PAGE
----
I grew up blaming my parents for everything – breathing, sneezing, talking, walking up, going to sleep. Snoring, chewing, driving, and sitting. Why couldn’t they just accept me for me, and be like all the other moms and dads? How come my mom didn’t go to the PTA meetings like Mary Ellen’s mom who was a nurse at school? And why didn’t my mom talk with the other parents who got together at the diner on Route 9 with the flashing neon lights – to have coffee and talk about how to discipline all of us kids in the 8th grade. My dad? Well, he was either at work or playing golf. Frankly, what did my parents want from me anyway? Sound familiar? If you are reading this, I bet you can relate to the focus on wondering what your parents wanted from you. Who did they want you to be–versions of themselves or your own individuals, blazing your own path in the most individual and astonishing way? (Sounds like a fantasy if you ask me!) Did your parents want you to rebel or conform? Have you ever asked yourself how much of your choices were made by your true self and how much of your choices were made in reaction to not becoming like your parents?
The pressure or lack of pressure that parents put on us in childhood leaves marks on us throughout life. Too much pressure or not enough? Have we forgotten details or willfully chosen not to remember, because of the pain of being misunderstood? Childhood stains and colors us for the good and not so good. Details stand out in the most bazaar and detailed ways, sometimes sharp and sometimes fuzzy. It’s common knowledge that permissive parents often produce kids who are their own sharpest critics. They are the perfectionists. And it’s also common knowledge that strict parents often produce the wildest and rebellious kids who spend their lives living in reaction to what they don’t want to become. Perhaps you are a little of both – a perfectionist living in reaction to what you did not like about your childhood?
I came across a book the other day that I had read years ago, and a light bulb went off in my head. The book is called The Drama of The Gifted Child by Alice Miller, and it talks about the fact that kids who grow up focused on their parents needs often end up neglecting their own needs at a cost. Alice Miller calls these children who learn to survive in emotionally neglectful or abusive households “gifted” because they have learned to adapt by ignoring their own feelings. Maybe you have done this to survive – put your own feelings aside in service of the family’s good? It is a “skill” after all, to learn to suppress your needs, a skill that must be unlearned though if you want to lead a happy and productive life. Well, maybe “happy” is too much to ask. But at least a life where you are not being chased by demons and feelings that you have ignored. Maybe peace is what we all want, because all my Buddhist friends remind me thatF happiness is an illusion.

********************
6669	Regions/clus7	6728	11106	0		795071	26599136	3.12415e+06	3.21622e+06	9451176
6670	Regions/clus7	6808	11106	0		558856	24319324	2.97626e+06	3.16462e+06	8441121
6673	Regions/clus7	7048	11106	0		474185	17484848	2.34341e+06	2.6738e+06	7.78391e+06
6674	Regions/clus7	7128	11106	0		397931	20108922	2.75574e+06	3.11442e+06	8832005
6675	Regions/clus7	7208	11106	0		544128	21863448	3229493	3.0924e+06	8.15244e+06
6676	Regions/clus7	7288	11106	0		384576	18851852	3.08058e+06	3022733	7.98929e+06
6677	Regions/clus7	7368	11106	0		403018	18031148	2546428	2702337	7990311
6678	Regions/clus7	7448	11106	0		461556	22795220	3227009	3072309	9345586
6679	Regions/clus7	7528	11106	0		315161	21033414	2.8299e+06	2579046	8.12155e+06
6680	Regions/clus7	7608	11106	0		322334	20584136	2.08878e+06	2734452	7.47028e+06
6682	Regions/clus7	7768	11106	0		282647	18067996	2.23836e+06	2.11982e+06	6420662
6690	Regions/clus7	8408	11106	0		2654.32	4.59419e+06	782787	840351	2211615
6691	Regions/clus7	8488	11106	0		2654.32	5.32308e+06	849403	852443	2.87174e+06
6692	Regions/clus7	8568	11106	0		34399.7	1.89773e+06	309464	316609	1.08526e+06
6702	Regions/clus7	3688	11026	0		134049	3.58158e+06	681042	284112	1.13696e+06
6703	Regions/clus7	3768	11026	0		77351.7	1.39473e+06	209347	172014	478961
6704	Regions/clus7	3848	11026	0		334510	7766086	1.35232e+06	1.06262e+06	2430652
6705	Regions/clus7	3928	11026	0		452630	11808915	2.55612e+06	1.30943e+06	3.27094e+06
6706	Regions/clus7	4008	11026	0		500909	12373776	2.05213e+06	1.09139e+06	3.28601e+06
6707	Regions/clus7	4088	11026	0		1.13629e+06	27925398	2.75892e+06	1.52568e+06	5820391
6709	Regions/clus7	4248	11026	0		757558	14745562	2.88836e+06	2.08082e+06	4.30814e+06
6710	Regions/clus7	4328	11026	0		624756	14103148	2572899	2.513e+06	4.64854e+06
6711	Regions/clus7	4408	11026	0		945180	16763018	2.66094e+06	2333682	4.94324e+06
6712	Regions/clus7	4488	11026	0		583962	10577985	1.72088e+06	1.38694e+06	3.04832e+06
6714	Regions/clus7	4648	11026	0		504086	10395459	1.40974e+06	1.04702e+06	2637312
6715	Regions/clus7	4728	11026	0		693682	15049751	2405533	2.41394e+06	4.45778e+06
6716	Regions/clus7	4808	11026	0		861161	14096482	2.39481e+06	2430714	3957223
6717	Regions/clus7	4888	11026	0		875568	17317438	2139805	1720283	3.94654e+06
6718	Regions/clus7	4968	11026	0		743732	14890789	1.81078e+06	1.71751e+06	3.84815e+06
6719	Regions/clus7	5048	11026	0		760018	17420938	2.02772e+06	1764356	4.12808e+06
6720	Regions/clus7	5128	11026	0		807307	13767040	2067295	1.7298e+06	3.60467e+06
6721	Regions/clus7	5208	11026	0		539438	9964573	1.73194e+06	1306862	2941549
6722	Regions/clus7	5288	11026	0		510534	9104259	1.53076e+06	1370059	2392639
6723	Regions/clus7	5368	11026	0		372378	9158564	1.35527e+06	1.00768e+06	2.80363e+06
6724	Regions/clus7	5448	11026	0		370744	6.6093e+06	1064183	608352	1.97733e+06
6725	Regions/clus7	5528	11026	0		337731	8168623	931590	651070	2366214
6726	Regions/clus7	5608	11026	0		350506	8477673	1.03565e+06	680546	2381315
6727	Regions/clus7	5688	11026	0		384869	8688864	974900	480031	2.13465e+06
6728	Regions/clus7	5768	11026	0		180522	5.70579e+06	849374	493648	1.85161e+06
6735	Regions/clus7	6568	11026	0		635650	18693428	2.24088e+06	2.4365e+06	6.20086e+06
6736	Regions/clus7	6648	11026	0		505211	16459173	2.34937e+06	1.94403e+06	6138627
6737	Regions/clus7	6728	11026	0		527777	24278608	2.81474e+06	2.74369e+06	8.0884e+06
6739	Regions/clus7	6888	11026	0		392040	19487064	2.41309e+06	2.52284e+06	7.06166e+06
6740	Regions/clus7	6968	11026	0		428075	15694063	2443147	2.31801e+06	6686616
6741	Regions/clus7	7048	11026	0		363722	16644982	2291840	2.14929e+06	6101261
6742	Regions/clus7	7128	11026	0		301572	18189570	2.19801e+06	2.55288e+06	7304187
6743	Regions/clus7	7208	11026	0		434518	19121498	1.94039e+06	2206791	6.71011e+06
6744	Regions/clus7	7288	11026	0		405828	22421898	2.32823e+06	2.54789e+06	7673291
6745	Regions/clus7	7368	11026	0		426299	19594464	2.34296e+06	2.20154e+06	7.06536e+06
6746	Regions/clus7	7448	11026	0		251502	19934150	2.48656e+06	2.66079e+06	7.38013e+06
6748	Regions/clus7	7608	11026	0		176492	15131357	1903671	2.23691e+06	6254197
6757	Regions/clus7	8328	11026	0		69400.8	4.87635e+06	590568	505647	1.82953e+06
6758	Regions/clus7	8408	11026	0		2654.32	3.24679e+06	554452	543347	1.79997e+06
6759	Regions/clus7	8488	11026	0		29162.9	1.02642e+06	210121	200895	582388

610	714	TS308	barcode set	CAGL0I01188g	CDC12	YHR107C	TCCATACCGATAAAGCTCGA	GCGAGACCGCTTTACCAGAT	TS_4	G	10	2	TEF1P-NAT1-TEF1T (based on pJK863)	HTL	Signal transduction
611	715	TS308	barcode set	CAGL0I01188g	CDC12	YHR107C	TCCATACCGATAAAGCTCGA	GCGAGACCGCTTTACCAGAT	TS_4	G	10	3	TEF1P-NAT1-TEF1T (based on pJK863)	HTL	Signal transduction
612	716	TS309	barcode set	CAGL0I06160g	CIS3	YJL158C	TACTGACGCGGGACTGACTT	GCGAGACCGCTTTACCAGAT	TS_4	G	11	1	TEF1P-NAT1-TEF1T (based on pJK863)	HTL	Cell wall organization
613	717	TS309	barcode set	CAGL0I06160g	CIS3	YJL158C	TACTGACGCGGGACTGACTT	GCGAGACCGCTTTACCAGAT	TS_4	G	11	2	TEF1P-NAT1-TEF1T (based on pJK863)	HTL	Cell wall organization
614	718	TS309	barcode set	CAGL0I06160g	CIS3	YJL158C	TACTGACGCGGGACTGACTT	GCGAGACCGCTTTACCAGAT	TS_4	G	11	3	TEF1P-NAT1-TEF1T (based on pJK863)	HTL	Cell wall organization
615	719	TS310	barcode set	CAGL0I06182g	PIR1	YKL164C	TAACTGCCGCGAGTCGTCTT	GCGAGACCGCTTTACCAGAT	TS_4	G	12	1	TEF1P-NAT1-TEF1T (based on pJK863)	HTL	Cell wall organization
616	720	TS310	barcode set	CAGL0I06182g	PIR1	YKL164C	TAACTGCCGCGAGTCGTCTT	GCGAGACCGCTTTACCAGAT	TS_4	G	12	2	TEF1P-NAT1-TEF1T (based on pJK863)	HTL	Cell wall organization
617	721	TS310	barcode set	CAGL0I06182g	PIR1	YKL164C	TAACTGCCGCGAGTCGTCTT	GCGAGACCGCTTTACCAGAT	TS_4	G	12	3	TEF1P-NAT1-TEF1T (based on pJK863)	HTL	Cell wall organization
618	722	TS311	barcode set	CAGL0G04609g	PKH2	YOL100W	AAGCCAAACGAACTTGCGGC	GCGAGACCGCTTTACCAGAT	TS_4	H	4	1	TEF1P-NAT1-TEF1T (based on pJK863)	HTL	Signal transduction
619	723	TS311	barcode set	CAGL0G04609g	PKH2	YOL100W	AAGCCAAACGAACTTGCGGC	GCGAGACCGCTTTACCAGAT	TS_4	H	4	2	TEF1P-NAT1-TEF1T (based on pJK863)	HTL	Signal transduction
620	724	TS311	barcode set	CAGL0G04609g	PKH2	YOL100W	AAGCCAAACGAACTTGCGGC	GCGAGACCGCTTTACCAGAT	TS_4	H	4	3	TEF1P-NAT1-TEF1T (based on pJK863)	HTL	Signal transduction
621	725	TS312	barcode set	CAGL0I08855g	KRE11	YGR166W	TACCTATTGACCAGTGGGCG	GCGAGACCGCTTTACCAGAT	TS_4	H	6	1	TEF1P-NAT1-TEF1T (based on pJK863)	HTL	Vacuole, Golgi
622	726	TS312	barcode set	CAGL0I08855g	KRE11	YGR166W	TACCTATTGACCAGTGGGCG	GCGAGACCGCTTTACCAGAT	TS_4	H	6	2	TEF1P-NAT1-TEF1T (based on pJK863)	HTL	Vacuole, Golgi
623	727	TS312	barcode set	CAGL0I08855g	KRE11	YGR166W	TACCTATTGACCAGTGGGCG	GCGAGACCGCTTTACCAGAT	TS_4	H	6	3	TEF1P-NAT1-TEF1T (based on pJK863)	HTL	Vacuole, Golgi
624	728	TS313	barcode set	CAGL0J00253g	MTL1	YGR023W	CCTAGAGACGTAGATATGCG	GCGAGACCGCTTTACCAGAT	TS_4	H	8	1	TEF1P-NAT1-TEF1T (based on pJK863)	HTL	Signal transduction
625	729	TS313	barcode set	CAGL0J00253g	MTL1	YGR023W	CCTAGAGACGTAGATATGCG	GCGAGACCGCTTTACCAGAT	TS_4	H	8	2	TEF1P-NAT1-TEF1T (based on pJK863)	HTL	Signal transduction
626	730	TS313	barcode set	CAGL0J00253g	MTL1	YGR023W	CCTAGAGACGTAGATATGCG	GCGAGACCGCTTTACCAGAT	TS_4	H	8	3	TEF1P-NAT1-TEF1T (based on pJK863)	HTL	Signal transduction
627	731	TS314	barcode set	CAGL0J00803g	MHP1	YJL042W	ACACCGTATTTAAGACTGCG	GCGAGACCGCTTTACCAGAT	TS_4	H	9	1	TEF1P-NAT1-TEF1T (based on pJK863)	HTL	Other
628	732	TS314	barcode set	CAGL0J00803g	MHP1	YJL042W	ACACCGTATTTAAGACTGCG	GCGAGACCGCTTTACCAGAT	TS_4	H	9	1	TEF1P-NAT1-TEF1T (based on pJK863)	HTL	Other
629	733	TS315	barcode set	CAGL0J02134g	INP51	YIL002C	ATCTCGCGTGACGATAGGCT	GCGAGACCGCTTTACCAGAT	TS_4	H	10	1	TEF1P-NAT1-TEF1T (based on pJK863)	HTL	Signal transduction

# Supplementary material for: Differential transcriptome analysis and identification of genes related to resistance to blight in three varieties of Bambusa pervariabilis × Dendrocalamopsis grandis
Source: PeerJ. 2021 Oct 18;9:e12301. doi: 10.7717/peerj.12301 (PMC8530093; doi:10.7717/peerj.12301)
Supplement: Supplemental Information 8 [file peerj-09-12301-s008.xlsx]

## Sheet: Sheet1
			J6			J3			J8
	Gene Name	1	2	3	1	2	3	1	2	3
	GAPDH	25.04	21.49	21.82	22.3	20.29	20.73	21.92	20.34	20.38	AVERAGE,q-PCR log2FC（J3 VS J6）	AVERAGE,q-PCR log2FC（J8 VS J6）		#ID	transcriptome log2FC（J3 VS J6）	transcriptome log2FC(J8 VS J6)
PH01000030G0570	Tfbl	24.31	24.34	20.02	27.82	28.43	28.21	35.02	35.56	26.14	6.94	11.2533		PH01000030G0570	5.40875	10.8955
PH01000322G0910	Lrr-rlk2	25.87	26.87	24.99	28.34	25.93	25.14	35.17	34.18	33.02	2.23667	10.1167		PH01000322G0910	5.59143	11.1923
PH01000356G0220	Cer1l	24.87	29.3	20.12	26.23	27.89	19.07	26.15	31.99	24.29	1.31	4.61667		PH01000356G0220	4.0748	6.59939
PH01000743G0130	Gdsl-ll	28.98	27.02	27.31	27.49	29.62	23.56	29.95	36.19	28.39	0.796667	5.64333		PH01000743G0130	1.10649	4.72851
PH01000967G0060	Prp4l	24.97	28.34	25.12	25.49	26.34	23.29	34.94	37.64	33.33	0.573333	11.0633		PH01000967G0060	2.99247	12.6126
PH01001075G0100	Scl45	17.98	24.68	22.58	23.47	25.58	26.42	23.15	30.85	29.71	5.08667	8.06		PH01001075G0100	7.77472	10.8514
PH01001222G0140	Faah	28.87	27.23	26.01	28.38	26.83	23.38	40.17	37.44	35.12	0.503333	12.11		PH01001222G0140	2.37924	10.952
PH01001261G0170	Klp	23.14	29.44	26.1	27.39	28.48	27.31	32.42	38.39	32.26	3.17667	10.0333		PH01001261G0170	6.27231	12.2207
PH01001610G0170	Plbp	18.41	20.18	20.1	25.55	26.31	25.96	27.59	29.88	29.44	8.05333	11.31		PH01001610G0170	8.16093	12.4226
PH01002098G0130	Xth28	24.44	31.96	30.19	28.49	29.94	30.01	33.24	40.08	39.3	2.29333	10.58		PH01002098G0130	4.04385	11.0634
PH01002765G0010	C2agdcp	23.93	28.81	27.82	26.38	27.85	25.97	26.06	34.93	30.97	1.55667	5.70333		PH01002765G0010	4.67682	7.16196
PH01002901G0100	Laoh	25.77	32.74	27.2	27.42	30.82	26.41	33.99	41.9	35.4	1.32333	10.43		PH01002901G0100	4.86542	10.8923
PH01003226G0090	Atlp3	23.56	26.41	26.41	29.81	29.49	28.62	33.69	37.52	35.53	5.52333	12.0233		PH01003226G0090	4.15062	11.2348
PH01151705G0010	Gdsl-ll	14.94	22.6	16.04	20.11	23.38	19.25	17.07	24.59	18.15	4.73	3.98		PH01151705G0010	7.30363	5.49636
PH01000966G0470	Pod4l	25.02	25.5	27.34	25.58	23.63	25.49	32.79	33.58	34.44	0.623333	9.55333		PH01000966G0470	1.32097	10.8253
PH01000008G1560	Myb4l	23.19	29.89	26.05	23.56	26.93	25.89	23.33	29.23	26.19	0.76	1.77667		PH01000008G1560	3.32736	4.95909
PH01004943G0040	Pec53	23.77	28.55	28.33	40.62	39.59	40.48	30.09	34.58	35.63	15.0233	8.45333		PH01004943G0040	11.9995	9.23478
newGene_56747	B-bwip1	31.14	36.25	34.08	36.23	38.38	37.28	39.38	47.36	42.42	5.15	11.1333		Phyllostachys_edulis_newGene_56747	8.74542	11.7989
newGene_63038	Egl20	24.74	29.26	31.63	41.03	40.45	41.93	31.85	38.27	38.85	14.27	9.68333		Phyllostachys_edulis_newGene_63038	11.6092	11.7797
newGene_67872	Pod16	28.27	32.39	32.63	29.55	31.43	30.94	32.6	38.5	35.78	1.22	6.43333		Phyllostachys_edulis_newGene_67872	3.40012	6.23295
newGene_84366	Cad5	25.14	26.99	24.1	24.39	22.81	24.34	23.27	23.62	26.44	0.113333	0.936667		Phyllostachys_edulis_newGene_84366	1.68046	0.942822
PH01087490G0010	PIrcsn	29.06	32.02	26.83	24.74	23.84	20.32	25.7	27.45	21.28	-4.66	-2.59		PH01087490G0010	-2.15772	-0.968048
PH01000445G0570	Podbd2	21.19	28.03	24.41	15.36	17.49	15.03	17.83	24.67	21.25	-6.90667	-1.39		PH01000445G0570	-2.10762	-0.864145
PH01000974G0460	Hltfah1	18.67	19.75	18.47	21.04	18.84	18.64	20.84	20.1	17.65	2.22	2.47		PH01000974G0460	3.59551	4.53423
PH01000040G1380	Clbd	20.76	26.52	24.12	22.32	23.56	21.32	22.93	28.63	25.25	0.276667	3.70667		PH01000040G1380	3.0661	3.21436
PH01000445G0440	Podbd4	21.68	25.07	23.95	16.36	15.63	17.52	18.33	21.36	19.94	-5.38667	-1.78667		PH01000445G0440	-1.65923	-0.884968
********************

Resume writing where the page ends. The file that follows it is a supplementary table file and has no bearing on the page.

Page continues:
But we can build and create the kind of life we want – with normal ups and downs that pass like the clouds in the sky. The little boy in the book by Maurice Sendak called Where the Wild Things Are made peace with the monsters once he admitted they were there. I’m still trying to make peace with my own childhood – and I bet you are too. But I have to say that once I faced the demons and looked at them – I was so much better off. And I bet you too can try and make peace with the monsters inside by looking at them and talking about them.
What are your inner voices saying to you? What voices belong to you and what voices belong to the parents you have internalized in order to survive? When we turn off the mechanism in our head that is the compass to who we are, we often become numb and emotionless. Can you relate to feeling a sense of ennui and a lack of both purpose and meaning? Bothered by people while being unable to articulate why exactly they bother you? I grew up trying to please my parents and I never did. As an adult, I kept trying to make everybody happy and was the epitome of “being all things to all people.” But guess what? I failed when I succeeded because I kept ignoring the one authentic voice that got louder as the years passed. And if you have followed me thus far, you can guess that that one voice became my one authentic self as my words took shape and became the narrative, I now call myself.